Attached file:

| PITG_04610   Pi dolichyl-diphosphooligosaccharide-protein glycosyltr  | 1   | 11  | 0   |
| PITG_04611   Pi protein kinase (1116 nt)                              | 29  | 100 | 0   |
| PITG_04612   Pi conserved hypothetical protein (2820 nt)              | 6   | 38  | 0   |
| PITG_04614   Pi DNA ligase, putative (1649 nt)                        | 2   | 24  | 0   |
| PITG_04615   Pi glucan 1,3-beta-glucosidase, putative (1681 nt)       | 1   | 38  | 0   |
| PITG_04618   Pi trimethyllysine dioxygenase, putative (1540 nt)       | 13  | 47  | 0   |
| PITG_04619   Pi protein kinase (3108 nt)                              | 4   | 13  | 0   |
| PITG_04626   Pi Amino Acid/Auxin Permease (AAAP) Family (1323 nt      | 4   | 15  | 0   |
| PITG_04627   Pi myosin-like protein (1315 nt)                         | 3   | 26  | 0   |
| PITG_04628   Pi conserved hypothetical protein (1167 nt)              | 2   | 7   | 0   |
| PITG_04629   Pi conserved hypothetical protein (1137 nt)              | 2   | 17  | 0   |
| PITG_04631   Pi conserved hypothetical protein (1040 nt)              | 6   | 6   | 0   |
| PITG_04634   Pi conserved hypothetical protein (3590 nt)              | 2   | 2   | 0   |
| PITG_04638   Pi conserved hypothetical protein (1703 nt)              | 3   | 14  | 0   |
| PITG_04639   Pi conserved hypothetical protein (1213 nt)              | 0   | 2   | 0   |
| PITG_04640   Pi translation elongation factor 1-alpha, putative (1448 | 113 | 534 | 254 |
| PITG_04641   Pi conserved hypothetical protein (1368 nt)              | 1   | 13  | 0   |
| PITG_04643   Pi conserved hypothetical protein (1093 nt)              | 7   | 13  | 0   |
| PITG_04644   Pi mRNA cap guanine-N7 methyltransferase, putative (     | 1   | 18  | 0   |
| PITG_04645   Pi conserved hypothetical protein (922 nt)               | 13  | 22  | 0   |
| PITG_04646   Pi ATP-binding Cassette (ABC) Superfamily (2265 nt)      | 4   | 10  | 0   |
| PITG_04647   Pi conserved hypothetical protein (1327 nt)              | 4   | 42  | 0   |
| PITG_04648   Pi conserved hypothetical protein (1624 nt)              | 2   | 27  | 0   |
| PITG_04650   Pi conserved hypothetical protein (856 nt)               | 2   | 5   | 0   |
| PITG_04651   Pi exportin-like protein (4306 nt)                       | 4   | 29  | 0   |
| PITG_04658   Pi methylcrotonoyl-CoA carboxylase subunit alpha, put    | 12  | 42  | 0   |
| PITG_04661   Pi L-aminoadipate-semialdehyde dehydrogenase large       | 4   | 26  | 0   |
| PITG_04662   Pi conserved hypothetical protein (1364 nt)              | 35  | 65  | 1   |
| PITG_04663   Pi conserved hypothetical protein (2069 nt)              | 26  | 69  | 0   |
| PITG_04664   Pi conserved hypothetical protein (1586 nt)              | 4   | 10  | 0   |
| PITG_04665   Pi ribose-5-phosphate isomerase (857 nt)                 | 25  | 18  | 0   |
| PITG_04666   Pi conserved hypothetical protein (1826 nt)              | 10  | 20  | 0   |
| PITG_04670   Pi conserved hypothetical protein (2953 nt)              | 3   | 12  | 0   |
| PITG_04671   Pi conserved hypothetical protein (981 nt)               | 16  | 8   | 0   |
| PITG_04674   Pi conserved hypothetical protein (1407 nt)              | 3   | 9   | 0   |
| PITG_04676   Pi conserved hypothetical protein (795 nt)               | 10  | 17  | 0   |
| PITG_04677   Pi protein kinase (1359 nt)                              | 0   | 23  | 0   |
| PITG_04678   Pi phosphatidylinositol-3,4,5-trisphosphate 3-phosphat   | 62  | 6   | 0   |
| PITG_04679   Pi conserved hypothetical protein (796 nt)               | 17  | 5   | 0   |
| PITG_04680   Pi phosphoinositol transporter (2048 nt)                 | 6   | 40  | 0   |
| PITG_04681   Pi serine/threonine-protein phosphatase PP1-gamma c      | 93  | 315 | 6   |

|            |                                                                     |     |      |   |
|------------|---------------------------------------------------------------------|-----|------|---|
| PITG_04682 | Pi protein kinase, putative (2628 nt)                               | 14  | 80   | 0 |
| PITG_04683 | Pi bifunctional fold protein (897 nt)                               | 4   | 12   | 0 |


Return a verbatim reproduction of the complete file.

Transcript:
| PITG_04610   Pi dolichyl-diphosphooligosaccharide-protein glycosyltr  | 1   | 11  | 0   |
| PITG_04611   Pi protein kinase (1116 nt)                              | 29  | 100 | 0   |
| PITG_04612   Pi conserved hypothetical protein (2820 nt)              | 6   | 38  | 0   |
| PITG_04614   Pi DNA ligase, putative (1649 nt)                        | 2   | 24  | 0   |
| PITG_04615   Pi glucan 1,3-beta-glucosidase, putative (1681 nt)       | 1   | 38  | 0   |
| PITG_04618   Pi trimethyllysine dioxygenase, putative (1540 nt)       | 13  | 47  | 0   |
| PITG_04619   Pi protein kinase (3108 nt)                              | 4   | 13  | 0   |
| PITG_04626   Pi Amino Acid/Auxin Permease (AAAP) Family (1323 nt      | 4   | 15  | 0   |
| PITG_04627   Pi myosin-like protein (1315 nt)                         | 3   | 26  | 0   |
| PITG_04628   Pi conserved hypothetical protein (1167 nt)              | 2   | 7   | 0   |
| PITG_04629   Pi conserved hypothetical protein (1137 nt)              | 2   | 17  | 0   |
| PITG_04631   Pi conserved hypothetical protein (1040 nt)              | 6   | 6   | 0   |
| PITG_04634   Pi conserved hypothetical protein (3590 nt)              | 2   | 2   | 0   |
| PITG_04638   Pi conserved hypothetical protein (1703 nt)              | 3   | 14  | 0   |
| PITG_04639   Pi conserved hypothetical protein (1213 nt)              | 0   | 2   | 0   |
| PITG_04640   Pi translation elongation factor 1-alpha, putative (1448 | 113 | 534 | 254 |
| PITG_04641   Pi conserved hypothetical protein (1368 nt)              | 1   | 13  | 0   |
| PITG_04643   Pi conserved hypothetical protein (1093 nt)              | 7   | 13  | 0   |
| PITG_04644   Pi mRNA cap guanine-N7 methyltransferase, putative (     | 1   | 18  | 0   |
| PITG_04645   Pi conserved hypothetical protein (922 nt)               | 13  | 22  | 0   |
| PITG_04646   Pi ATP-binding Cassette (ABC) Superfamily (2265 nt)      | 4   | 10  | 0   |
| PITG_04647   Pi conserved hypothetical protein (1327 nt)              | 4   | 42  | 0   |
| PITG_04648   Pi conserved hypothetical protein (1624 nt)              | 2   | 27  | 0   |
| PITG_04650   Pi conserved hypothetical protein (856 nt)               | 2   | 5   | 0   |
| PITG_04651   Pi exportin-like protein (4306 nt)                       | 4   | 29  | 0   |
| PITG_04658   Pi methylcrotonoyl-CoA carboxylase subunit alpha, put    | 12  | 42  | 0   |
| PITG_04661   Pi L-aminoadipate-semialdehyde dehydrogenase large       | 4   | 26  | 0   |
| PITG_04662   Pi conserved hypothetical protein (1364 nt)              | 35  | 65  | 1   |
| PITG_04663   Pi conserved hypothetical protein (2069 nt)              | 26  | 69  | 0   |
| PITG_04664   Pi conserved hypothetical protein (1586 nt)              | 4   | 10  | 0   |
| PITG_04665   Pi ribose-5-phosphate isomerase (857 nt)                 | 25  | 18  | 0   |
| PITG_04666   Pi conserved hypothetical protein (1826 nt)              | 10  | 20  | 0   |
| PITG_04670   Pi conserved hypothetical protein (2953 nt)              | 3   | 12  | 0   |
| PITG_04671   Pi conserved hypothetical protein (981 nt)               | 16  | 8   | 0   |
| PITG_04674   Pi conserved hypothetical protein (1407 nt)              | 3   | 9   | 0   |
| PITG_04676   Pi conserved hypothetical protein (795 nt)               | 10  | 17  | 0   |
| PITG_04677   Pi protein kinase (1359 nt)                              | 0   | 23  | 0   |
| PITG_04678   Pi phosphatidylinositol-3,4,5-trisphosphate 3-phosphat   | 62  | 6   | 0   |
| PITG_04679   Pi conserved hypothetical protein (796 nt)               | 17  | 5   | 0   |
| PITG_04680   Pi phosphoinositol transporter (2048 nt)                 | 6   | 40  | 0   |
| PITG_04681   Pi serine/threonine-protein phosphatase PP1-gamma c      | 93  | 315 | 6   |

|            |                                                                     |     |      |   |
|------------|---------------------------------------------------------------------|-----|------|---|
| PITG_04682 | Pi protein kinase, putative (2628 nt)                               | 14  | 80   | 0 |
| PITG_04683 | Pi bifunctional fold protein (897 nt)                               | 4   | 12   | 0 |